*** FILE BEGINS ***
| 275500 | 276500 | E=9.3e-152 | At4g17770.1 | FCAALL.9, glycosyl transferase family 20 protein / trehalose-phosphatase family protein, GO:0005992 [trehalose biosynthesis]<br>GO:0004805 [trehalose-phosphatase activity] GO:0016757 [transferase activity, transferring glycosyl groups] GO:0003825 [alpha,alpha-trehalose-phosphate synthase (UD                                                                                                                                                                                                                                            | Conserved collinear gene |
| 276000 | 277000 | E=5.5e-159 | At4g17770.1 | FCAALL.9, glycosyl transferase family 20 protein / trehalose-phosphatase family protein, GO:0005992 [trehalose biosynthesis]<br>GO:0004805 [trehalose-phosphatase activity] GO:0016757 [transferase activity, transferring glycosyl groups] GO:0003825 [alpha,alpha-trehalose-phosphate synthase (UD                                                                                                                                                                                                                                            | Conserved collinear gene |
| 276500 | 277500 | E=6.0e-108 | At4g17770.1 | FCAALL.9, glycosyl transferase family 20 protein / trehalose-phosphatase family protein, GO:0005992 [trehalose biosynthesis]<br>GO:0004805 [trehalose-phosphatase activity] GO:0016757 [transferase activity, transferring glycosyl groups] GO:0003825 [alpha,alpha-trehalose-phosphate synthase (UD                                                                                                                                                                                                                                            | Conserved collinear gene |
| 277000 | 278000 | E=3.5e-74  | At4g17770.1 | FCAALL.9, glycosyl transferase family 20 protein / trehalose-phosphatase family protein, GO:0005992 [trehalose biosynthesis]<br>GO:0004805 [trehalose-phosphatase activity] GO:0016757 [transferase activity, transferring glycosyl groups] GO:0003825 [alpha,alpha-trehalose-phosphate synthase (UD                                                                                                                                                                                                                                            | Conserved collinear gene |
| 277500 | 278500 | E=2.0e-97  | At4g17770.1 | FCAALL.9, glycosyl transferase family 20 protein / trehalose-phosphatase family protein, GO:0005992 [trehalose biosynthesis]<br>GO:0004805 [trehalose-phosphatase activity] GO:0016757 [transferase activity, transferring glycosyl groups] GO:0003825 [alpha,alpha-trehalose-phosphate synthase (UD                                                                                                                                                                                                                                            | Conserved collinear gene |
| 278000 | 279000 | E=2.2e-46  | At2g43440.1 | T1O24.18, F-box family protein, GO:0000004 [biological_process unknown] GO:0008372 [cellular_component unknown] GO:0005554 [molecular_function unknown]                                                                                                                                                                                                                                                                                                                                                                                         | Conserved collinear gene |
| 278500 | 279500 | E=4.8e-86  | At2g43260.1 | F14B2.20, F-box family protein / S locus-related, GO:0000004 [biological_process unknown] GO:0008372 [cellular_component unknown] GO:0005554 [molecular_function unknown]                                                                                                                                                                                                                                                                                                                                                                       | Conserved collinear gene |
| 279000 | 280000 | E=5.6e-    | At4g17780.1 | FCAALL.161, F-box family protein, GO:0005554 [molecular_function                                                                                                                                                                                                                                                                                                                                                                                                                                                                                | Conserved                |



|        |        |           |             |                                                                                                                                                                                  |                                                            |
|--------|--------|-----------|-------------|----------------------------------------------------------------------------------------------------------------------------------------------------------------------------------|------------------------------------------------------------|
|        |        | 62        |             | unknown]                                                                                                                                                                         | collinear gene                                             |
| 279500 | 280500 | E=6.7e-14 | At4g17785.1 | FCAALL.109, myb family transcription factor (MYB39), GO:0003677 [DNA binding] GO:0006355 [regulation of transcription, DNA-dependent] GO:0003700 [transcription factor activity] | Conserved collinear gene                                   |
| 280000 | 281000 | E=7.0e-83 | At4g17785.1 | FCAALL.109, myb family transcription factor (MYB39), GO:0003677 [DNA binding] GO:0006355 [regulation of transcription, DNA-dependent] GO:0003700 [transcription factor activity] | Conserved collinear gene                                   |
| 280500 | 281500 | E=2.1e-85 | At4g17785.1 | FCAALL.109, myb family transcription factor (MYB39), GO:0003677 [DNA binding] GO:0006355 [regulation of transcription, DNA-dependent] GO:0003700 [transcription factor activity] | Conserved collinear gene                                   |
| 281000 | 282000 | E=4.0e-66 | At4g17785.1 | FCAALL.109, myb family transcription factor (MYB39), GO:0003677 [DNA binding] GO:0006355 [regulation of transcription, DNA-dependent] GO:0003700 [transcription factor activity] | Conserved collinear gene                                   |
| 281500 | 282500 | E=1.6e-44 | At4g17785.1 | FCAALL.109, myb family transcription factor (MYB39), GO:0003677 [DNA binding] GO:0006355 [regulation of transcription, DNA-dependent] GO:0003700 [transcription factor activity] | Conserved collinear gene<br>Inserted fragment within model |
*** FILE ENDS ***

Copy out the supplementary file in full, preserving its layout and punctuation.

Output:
| 275500 | 276500 | E=9.3e-152 | At4g17770.1 | FCAALL.9, glycosyl transferase family 20 protein / trehalose-phosphatase family protein, GO:0005992 [trehalose biosynthesis]<br>GO:0004805 [trehalose-phosphatase activity] GO:0016757 [transferase activity, transferring glycosyl groups] GO:0003825 [alpha,alpha-trehalose-phosphate synthase (UD                                                                                                                                                                                                                                            | Conserved collinear gene |
| 276000 | 277000 | E=5.5e-159 | At4g17770.1 | FCAALL.9, glycosyl transferase family 20 protein / trehalose-phosphatase family protein, GO:0005992 [trehalose biosynthesis]<br>GO:0004805 [trehalose-phosphatase activity] GO:0016757 [transferase activity, transferring glycosyl groups] GO:0003825 [alpha,alpha-trehalose-phosphate synthase (UD                                                                                                                                                                                                                                            | Conserved collinear gene |
| 276500 | 277500 | E=6.0e-108 | At4g17770.1 | FCAALL.9, glycosyl transferase family 20 protein / trehalose-phosphatase family protein, GO:0005992 [trehalose biosynthesis]<br>GO:0004805 [trehalose-phosphatase activity] GO:0016757 [transferase activity, transferring glycosyl groups] GO:0003825 [alpha,alpha-trehalose-phosphate synthase (UD                                                                                                                                                                                                                                            | Conserved collinear gene |
| 277000 | 278000 | E=3.5e-74  | At4g17770.1 | FCAALL.9, glycosyl transferase family 20 protein / trehalose-phosphatase family protein, GO:0005992 [trehalose biosynthesis]<br>GO:0004805 [trehalose-phosphatase activity] GO:0016757 [transferase activity, transferring glycosyl groups] GO:0003825 [alpha,alpha-trehalose-phosphate synthase (UD                                                                                                                                                                                                                                            | Conserved collinear gene |
| 277500 | 278500 | E=2.0e-97  | At4g17770.1 | FCAALL.9, glycosyl transferase family 20 protein / trehalose-phosphatase family protein, GO:0005992 [trehalose biosynthesis]<br>GO:0004805 [trehalose-phosphatase activity] GO:0016757 [transferase activity, transferring glycosyl groups] GO:0003825 [alpha,alpha-trehalose-phosphate synthase (UD                                                                                                                                                                                                                                            | Conserved collinear gene |
| 278000 | 279000 | E=2.2e-46  | At2g43440.1 | T1O24.18, F-box family protein, GO:0000004 [biological_process unknown] GO:0008372 [cellular_component unknown] GO:0005554 [molecular_function unknown]                                                                                                                                                                                                                                                                                                                                                                                         | Conserved collinear gene |
| 278500 | 279500 | E=4.8e-86  | At2g43260.1 | F14B2.20, F-box family protein / S locus-related, GO:0000004 [biological_process unknown] GO:0008372 [cellular_component unknown] GO:0005554 [molecular_function unknown]                                                                                                                                                                                                                                                                                                                                                                       | Conserved collinear gene |
| 279000 | 280000 | E=5.6e-    | At4g17780.1 | FCAALL.161, F-box family protein, GO:0005554 [molecular_function                                                                                                                                                                                                                                                                                                                                                                                                                                                                                | Conserved                |



|        |        |           |             |                                                                                                                                                                                  |                                                            |
|--------|--------|-----------|-------------|----------------------------------------------------------------------------------------------------------------------------------------------------------------------------------|------------------------------------------------------------|
|        |        | 62        |             | unknown]                                                                                                                                                                         | collinear gene                                             |
| 279500 | 280500 | E=6.7e-14 | At4g17785.1 | FCAALL.109, myb family transcription factor (MYB39), GO:0003677 [DNA binding] GO:0006355 [regulation of transcription, DNA-dependent] GO:0003700 [transcription factor activity] | Conserved collinear gene                                   |
| 280000 | 281000 | E=7.0e-83 | At4g17785.1 | FCAALL.109, myb family transcription factor (MYB39), GO:0003677 [DNA binding] GO:0006355 [regulation of transcription, DNA-dependent] GO:0003700 [transcription factor activity] | Conserved collinear gene                                   |
| 280500 | 281500 | E=2.1e-85 | At4g17785.1 | FCAALL.109, myb family transcription factor (MYB39), GO:0003677 [DNA binding] GO:0006355 [regulation of transcription, DNA-dependent] GO:0003700 [transcription factor activity] | Conserved collinear gene                                   |
| 281000 | 282000 | E=4.0e-66 | At4g17785.1 | FCAALL.109, myb family transcription factor (MYB39), GO:0003677 [DNA binding] GO:0006355 [regulation of transcription, DNA-dependent] GO:0003700 [transcription factor activity] | Conserved collinear gene                                   |
| 281500 | 282500 | E=1.6e-44 | At4g17785.1 | FCAALL.109, myb family transcription factor (MYB39), GO:0003677 [DNA binding] GO:0006355 [regulation of transcription, DNA-dependent] GO:0003700 [transcription factor activity] | Conserved collinear gene<br>Inserted fragment within model |